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"The dish is called Hands Only, and the folks behind the Cecil, the restaurant in Harlem where it is served, are not kidding about that. To give you an extra nudge of encouragement, they usher it to your table with a hot aromatic towel that has been steamed with lemon thyme, kaffir lime and lemon peel. Not that you’re apt to resist digging in. Hands Only begs to be ripped apart with messy, hungry abandon."
"Nearly every dish on The Cecil’s menu contains a history lesson within. The Moqueca, for example, is chef Joseph “JJ” Johnson’s version of a traditional fish stew from Bahia, Brazil, where many African slaves were brought to work on sugar plantations during the trans-Atlantic trade. Those slaves carried their culinary traditions with them, leaving an indelible mark on the local cuisine."
"A recent revision to Johnson’s menu saw the end of well-loved dishes such as his fried guinea hen. An excellent collard-green salad, which melds the softness of red adzuki beans with the crumble of candied cashews, thankfully remains. Along with braised goat dumplings, it is the best way to start a meal. The menu draws attention to drinks from Africa and the African diaspora. A Pinotage from South Africa pairs well with the superlative meat dishes, like the glazed oxtails, which rest on a mess of brown-rice grits, and the pan-roasted venison."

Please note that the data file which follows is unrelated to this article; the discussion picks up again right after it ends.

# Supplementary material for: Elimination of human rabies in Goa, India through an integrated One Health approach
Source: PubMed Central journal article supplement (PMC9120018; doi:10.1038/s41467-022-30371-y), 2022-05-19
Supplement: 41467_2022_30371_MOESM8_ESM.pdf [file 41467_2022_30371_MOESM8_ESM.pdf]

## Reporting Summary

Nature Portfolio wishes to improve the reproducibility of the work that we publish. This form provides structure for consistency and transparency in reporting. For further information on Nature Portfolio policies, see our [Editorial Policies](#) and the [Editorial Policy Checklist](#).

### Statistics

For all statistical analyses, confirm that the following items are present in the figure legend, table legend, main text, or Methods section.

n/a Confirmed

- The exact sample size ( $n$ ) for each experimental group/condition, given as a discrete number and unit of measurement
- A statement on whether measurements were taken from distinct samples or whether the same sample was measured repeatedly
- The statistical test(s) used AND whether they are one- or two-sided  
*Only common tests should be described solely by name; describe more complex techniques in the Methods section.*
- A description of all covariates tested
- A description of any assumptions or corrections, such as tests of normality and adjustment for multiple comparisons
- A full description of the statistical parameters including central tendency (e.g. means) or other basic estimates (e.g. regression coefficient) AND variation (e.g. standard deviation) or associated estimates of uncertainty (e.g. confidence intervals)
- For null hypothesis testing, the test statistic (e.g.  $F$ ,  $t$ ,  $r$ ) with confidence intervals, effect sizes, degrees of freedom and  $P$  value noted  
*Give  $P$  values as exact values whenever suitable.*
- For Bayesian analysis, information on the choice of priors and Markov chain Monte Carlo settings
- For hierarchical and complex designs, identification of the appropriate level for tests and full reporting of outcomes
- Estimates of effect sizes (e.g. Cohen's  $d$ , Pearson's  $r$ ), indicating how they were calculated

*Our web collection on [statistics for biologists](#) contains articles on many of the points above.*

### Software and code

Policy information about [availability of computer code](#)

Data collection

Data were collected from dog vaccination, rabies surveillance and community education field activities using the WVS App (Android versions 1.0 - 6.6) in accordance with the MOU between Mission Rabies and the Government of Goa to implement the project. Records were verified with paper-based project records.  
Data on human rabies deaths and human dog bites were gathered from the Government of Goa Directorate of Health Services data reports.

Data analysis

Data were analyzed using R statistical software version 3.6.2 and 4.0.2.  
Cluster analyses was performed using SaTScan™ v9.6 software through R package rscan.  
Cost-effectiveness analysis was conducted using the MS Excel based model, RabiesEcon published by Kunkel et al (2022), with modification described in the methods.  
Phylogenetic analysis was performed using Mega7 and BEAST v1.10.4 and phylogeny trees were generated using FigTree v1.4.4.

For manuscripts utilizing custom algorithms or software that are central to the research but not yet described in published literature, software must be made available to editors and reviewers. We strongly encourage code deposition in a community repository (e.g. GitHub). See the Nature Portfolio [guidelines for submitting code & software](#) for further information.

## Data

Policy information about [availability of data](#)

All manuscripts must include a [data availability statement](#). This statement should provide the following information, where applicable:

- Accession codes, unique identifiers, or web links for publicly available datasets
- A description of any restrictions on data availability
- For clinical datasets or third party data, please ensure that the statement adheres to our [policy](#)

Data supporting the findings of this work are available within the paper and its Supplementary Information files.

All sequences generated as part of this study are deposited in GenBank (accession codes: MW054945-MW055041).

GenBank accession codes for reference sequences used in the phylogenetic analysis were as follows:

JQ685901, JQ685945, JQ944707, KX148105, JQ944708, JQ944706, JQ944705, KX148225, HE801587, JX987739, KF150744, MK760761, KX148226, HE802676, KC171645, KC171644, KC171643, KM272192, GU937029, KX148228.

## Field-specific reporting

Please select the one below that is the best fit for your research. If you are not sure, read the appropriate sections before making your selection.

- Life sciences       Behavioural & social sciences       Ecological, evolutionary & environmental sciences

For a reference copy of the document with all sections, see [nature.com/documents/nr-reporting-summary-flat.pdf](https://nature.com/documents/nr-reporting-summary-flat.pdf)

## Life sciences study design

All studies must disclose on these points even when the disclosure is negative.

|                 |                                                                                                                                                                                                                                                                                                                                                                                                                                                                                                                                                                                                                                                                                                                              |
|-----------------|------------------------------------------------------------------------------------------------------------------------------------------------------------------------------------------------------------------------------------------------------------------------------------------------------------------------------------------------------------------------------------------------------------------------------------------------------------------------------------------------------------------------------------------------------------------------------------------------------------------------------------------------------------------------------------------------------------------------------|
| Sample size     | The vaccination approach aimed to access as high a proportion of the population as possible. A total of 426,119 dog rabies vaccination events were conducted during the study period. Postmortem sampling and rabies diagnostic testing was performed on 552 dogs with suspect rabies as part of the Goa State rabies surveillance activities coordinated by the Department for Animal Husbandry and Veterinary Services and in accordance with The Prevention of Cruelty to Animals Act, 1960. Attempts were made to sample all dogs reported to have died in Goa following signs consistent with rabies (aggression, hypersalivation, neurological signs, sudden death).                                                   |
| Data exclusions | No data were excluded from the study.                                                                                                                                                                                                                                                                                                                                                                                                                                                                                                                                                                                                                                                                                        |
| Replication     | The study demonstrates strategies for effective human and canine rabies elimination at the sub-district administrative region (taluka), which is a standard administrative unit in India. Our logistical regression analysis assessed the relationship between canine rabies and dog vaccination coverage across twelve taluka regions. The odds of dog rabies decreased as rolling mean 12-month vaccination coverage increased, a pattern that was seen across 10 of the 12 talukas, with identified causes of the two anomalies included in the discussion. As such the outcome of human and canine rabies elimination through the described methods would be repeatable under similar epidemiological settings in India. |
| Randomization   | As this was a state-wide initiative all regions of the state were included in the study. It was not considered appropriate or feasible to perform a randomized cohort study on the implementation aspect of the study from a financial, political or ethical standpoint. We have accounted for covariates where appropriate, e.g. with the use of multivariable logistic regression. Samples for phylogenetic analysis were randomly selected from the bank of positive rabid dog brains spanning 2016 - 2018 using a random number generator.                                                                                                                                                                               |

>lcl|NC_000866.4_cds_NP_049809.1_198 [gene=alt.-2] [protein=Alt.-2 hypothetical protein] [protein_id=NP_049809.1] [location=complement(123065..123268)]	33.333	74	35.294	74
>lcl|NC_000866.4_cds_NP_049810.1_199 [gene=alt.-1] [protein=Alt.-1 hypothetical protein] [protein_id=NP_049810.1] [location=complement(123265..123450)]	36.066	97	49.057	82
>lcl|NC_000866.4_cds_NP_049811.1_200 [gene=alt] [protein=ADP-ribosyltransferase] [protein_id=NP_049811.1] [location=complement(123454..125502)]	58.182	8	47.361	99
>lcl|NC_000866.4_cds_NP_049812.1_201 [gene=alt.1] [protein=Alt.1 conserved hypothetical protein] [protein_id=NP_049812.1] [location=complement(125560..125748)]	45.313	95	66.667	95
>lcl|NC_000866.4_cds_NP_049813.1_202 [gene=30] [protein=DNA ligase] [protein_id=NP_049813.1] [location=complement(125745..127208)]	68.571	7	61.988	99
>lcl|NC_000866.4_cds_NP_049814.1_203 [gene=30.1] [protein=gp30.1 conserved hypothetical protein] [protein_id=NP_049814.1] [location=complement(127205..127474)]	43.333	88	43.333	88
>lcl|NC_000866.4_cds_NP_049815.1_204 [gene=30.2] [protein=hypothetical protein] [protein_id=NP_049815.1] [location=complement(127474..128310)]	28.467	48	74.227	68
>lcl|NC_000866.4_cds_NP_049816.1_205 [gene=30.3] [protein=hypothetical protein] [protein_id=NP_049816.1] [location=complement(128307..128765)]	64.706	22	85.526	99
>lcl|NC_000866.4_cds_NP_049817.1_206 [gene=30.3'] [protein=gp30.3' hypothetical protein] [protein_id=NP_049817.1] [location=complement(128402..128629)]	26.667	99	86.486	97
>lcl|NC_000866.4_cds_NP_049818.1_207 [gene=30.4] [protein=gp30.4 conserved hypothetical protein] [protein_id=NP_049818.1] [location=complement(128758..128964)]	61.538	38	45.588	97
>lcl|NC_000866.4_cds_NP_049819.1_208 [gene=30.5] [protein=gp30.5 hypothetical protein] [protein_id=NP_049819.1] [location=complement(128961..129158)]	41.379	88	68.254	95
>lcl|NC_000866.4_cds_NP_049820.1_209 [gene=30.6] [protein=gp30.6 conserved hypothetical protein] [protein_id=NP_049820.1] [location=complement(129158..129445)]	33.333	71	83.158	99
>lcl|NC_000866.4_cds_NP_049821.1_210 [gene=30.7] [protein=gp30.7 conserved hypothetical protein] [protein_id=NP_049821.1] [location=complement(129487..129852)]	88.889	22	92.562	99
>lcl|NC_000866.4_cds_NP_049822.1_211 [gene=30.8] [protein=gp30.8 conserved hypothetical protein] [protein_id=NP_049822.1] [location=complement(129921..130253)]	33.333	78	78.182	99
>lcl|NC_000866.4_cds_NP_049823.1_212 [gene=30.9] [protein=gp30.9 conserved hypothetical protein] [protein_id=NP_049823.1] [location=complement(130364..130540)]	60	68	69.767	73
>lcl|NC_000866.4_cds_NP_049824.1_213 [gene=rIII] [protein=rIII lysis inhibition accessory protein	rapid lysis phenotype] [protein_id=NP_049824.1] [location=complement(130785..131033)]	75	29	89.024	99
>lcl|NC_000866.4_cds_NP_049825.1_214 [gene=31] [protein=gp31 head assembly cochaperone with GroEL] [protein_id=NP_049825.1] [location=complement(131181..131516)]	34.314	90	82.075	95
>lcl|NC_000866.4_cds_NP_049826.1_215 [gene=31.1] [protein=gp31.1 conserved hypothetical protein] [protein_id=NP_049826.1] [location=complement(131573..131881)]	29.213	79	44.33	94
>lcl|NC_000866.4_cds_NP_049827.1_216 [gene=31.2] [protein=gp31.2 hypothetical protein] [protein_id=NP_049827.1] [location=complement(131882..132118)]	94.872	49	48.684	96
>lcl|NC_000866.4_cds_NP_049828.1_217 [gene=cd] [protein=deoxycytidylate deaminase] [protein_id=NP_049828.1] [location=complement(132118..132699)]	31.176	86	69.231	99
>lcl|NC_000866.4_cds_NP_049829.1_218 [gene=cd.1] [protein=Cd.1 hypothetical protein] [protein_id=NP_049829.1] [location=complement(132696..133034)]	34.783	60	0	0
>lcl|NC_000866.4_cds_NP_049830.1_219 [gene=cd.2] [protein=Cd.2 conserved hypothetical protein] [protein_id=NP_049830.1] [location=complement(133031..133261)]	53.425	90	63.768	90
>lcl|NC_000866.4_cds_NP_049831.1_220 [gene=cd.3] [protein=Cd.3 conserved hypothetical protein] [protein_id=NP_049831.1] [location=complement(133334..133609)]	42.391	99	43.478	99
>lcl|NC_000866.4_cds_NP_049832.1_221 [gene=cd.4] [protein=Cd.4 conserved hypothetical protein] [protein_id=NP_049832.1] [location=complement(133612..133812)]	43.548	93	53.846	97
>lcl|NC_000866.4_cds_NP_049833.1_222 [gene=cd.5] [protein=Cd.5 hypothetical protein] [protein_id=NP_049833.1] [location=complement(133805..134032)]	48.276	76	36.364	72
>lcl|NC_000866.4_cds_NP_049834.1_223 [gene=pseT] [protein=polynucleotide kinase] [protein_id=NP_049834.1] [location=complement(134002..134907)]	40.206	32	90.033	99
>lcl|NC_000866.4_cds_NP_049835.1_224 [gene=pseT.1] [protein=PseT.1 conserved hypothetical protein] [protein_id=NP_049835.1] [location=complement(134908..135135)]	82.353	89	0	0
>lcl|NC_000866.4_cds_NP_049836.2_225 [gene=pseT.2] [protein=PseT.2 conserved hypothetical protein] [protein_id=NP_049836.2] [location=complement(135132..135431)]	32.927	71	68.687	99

"Since the Cecil opened in the fall of 2013, chef Joseph "JJ" Johnson has helped bring the Harlem restaurant much acclaim. It comes as a bit of a surprise, then, that he has completely revamped the menu. 'We've always changed the menu but kept the staples,' he says. 'And then, as more and more people came to dine at the restaurant, I would see them only ordering the staples. I want the culinary world to know that Afro-Asian-American cooking is not one-dimensional. It's a big conversation. There's a lot of history. Introducing this new menu is a way to keep the conversation going.'"
"Those roots are on display even more prominently at the Cecil, where the flavors of Africa, the Americas, the Caribbean and Asia merge in dishes like gumbo, beef suya on skewers, oxtail dumplings and a collard-green salad with spiced cashews and coconut dressing. 'It’s always been a rallying cry for me,' said Alexander Smalls, the chef, entrepreneur and social powerhouse behind The Cecil. 'The idea that black folks cooking are only making soul food is frightening. What we have to say is much bigger than that. It’s our job to expand the conversation. People need to be enlightened.' Joseph Johnson, the executive chef at the Cecil and Minton’s in Harlem, spent a month doing research in Ghana before the Cecil opened in 2013. 'I came back here a changed man,' said the chef, who goes by JJ."